WASHINGTON – Three lawmakers have proposed legislation aimed
at stemming the flow of counterfeit semiconductors into the U.S., a growing
threat to the nation’s national security and critical infrastructure.
The legislation introduced by Reps. Michael McCaul
(R-Texas), Howard McKeon (R-Texas) and William Keating (D-Mass.) seeks to
reverse the U.S. Customs and Border Protection’s policy that limits chip makers’
access to photographs of trademarks on suspected fake chips. H.R. 6012 would
again allow chip makers to examine photographs showing identifying information
on suspect chips to determine their authenticity.
The bill’s sponsors said the legislation is designed to stop
the flow of more than 1 million counterfeit chips into the U.S. that
investigators suspect are primarily made in China. More than 2 million
counterfeit or mislabeled chips entered the U.S. in 2010, the lawmakers said.
One technique involves salvaging and repackaging chips from discarded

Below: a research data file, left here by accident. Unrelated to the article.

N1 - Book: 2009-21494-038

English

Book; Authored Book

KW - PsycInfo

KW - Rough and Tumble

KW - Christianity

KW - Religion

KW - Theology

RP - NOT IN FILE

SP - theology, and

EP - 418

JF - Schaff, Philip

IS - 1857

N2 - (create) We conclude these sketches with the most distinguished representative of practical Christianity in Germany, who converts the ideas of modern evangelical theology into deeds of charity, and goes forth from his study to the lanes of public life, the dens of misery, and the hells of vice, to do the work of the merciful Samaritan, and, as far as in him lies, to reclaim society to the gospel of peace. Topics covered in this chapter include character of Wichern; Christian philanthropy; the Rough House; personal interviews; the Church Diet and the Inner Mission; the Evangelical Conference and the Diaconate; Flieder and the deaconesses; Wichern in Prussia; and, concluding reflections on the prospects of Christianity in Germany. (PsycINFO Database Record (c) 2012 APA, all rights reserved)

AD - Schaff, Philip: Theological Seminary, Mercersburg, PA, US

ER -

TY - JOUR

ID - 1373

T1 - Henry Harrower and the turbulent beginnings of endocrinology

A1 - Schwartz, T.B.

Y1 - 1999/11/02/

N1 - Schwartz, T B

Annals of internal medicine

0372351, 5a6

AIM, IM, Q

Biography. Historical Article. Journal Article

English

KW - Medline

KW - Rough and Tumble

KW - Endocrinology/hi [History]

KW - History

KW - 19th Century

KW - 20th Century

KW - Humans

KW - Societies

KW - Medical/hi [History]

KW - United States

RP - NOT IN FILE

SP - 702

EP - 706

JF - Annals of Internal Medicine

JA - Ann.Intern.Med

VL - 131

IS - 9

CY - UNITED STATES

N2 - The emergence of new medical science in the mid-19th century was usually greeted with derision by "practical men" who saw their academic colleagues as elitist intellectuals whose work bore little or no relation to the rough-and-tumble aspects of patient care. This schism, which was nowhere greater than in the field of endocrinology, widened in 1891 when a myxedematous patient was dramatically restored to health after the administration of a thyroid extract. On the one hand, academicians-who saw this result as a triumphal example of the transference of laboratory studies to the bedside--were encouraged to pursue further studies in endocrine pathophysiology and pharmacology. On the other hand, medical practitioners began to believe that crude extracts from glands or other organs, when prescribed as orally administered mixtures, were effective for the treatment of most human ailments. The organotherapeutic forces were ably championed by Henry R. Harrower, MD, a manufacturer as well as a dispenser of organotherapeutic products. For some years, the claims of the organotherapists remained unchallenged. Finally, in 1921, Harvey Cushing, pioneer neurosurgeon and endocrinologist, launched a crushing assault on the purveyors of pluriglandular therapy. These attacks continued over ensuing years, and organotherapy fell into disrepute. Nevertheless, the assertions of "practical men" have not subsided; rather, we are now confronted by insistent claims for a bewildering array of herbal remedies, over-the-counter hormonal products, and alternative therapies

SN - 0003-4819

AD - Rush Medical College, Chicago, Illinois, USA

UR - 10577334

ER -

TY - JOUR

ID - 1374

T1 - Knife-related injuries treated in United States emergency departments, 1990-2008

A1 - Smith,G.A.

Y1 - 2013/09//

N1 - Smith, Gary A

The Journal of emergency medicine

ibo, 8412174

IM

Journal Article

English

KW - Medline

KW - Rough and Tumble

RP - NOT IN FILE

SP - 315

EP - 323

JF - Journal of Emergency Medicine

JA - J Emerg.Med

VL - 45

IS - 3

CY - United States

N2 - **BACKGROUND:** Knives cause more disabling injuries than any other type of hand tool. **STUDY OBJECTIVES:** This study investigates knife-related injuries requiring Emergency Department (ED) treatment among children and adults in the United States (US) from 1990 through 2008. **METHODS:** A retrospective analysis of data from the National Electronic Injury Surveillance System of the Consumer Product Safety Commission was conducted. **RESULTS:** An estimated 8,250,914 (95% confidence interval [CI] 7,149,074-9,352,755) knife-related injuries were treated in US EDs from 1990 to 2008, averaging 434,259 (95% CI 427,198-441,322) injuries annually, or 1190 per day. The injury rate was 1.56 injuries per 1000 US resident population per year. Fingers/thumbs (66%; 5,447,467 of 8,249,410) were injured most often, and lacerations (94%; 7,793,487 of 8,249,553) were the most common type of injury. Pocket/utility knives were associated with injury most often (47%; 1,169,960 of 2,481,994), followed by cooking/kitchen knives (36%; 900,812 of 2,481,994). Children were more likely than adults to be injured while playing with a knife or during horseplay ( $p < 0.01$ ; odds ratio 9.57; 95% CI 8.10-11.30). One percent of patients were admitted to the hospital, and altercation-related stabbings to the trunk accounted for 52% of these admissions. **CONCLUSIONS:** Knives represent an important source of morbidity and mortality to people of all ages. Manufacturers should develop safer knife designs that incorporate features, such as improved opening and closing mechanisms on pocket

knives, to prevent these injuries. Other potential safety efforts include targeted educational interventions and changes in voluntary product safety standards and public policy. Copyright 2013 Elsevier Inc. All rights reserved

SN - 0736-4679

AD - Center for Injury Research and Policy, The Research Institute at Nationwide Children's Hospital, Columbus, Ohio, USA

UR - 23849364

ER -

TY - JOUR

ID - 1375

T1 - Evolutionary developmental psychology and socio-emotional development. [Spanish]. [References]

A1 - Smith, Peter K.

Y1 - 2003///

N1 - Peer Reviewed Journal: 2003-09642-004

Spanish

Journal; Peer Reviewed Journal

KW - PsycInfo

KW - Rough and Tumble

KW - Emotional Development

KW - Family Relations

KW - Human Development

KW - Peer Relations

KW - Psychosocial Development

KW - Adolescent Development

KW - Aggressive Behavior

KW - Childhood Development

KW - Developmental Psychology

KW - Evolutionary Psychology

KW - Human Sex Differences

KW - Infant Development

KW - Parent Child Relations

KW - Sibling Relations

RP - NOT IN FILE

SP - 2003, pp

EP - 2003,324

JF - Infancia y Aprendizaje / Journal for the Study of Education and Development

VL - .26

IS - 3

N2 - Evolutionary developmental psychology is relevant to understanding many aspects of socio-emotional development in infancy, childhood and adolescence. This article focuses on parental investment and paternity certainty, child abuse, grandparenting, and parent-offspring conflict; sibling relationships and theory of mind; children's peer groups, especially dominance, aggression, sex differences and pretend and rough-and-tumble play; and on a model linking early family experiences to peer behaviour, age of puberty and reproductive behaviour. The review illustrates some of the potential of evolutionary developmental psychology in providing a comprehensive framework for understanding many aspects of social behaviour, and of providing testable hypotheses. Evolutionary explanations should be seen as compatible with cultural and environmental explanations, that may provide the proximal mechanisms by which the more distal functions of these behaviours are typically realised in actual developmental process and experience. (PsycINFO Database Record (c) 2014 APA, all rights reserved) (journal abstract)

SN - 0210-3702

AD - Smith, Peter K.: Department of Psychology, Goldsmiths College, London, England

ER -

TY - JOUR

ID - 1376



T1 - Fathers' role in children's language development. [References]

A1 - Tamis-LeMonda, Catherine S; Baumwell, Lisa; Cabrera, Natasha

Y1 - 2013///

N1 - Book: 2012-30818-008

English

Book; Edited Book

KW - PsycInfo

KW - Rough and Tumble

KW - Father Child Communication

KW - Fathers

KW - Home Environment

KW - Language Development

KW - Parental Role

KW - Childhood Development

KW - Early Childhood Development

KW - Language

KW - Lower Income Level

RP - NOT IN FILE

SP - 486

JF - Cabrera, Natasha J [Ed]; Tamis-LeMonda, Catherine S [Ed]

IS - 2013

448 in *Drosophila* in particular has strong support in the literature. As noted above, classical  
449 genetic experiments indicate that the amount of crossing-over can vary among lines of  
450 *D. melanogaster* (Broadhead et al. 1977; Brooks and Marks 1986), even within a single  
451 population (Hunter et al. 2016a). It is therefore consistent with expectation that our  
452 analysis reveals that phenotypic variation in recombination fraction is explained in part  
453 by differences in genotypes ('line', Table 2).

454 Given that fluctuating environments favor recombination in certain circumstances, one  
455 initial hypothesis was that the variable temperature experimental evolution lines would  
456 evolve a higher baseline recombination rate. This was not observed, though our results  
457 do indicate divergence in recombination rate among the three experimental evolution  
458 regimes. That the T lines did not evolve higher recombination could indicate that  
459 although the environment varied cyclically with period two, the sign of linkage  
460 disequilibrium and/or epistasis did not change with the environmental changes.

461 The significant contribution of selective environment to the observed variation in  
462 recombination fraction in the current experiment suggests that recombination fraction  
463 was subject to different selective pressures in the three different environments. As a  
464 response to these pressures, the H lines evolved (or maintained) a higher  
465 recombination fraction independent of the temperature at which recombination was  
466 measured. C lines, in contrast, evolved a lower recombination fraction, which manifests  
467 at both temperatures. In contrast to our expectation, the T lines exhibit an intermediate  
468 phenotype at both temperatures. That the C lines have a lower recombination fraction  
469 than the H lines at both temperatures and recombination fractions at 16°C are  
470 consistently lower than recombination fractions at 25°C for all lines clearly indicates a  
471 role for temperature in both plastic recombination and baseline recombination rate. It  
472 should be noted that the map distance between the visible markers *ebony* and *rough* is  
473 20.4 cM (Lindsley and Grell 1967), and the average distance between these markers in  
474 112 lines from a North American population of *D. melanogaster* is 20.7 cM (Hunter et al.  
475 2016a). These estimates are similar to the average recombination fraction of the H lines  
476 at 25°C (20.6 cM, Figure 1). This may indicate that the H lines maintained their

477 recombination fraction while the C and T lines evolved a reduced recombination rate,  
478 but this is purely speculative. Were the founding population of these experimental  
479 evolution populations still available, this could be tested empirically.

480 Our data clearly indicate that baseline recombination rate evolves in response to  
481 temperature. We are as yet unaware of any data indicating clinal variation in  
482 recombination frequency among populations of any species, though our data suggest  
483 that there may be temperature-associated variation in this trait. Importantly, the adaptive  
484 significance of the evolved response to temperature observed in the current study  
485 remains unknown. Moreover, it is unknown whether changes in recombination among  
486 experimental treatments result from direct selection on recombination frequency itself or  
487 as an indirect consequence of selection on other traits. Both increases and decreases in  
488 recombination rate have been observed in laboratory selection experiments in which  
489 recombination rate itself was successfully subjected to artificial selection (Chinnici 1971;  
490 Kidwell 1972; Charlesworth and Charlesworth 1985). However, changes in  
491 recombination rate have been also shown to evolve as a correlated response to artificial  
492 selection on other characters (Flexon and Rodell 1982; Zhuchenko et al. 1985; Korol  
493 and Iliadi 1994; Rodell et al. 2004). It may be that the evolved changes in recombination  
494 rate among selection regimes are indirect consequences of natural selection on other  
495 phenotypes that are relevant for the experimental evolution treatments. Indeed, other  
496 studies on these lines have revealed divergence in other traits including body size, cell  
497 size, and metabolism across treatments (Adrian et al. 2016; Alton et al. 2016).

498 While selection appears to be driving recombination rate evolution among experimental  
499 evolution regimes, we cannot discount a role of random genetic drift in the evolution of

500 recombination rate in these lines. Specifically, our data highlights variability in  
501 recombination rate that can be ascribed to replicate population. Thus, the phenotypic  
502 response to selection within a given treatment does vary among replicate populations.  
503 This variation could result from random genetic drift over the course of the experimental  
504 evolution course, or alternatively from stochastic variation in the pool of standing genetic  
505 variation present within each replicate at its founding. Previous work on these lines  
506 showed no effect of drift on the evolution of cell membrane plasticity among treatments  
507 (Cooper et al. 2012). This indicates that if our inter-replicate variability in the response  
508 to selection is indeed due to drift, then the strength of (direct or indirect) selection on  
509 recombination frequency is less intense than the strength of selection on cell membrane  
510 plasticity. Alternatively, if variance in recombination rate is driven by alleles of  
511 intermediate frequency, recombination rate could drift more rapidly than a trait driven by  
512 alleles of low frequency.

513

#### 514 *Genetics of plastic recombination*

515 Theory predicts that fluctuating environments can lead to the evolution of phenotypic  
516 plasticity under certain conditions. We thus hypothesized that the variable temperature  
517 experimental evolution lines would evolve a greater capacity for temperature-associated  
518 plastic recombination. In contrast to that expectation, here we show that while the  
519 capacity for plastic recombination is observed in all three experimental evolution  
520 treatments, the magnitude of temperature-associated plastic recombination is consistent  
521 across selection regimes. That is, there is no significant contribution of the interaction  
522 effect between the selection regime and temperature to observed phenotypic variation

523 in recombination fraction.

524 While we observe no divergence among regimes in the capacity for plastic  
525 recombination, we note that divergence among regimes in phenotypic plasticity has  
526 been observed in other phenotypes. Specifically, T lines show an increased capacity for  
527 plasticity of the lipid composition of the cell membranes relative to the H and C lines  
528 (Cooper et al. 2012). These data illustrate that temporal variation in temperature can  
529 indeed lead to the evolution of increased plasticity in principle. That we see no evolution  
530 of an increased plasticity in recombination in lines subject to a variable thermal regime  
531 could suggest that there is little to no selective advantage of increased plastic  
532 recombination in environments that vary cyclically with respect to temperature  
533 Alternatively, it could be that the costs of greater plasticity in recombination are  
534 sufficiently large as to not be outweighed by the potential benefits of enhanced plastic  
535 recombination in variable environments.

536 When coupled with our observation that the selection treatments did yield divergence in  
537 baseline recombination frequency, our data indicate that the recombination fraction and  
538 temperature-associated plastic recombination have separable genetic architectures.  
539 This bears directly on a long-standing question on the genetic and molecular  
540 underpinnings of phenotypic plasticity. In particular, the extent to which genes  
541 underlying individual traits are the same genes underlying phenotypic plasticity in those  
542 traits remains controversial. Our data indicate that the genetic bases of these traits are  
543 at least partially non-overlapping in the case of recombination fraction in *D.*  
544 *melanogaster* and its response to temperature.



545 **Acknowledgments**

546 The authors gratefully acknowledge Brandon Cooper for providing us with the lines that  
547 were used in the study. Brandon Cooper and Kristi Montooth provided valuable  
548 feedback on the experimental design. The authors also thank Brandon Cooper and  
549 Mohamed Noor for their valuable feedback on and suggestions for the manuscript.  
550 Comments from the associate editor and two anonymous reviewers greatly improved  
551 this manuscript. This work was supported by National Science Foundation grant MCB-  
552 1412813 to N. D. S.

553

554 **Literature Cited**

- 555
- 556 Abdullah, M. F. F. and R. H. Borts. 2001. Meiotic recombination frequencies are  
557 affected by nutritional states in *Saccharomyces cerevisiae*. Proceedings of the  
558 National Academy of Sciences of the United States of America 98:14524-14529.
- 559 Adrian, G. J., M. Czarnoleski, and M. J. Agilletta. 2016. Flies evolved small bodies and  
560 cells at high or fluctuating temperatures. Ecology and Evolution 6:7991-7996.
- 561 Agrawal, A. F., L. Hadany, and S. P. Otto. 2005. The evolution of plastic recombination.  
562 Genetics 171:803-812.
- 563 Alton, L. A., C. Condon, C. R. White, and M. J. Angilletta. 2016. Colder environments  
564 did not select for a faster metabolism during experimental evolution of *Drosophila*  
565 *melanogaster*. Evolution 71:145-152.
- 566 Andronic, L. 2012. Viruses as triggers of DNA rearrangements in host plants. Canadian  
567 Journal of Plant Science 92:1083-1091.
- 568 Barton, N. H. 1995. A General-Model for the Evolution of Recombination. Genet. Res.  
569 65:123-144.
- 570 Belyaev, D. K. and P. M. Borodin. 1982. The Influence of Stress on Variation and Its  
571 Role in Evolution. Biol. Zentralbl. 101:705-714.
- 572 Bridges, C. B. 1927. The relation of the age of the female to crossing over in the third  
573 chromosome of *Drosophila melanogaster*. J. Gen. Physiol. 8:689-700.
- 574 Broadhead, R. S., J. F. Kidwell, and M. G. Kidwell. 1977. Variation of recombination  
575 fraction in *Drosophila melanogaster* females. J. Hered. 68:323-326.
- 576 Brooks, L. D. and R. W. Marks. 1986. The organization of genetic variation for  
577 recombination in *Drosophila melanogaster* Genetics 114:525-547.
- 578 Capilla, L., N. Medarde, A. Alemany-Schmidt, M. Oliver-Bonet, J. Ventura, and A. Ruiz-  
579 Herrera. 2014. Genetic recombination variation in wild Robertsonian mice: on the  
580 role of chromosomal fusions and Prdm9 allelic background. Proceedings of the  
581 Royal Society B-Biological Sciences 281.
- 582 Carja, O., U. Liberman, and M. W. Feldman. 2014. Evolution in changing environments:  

“From brake systems and defibrillators to advanced military
weapon systems, when a product fails because of a counterfeit chip, the consequences
can be catastrophic,” McKeon said in a statement introducing the legislation. “This
bill will fundamentally improve our efforts to stop the dangerous flow of
counterfeit chips onto our shores.”
McKeon is chairman of the House Armed Services Committee.
McCaul is chairman of the House Homeland Security Oversight &
A recent investigation by the Senate Armed Services Committee revealed that fake chips had turned up in several U.S. weapons,
including the Navy’s SH-60B Seahawk helicopter and the P8-A antisubmarine
Industry groups like the Semiconductor Industry Association
praised the legislation, calling the spread of counterfeit chips in weapons,
networks and medical devices a “ticking time bomb.”
The proposed legislation will initially be considered by the
House Judiciary Committee since it raises issues about intellectual property
rights. With lawmakers heading home for vacation later this week and a general
election looming in the fall, it is unlikely the legislation would make it out
of the committee by the end of the current congressional session.
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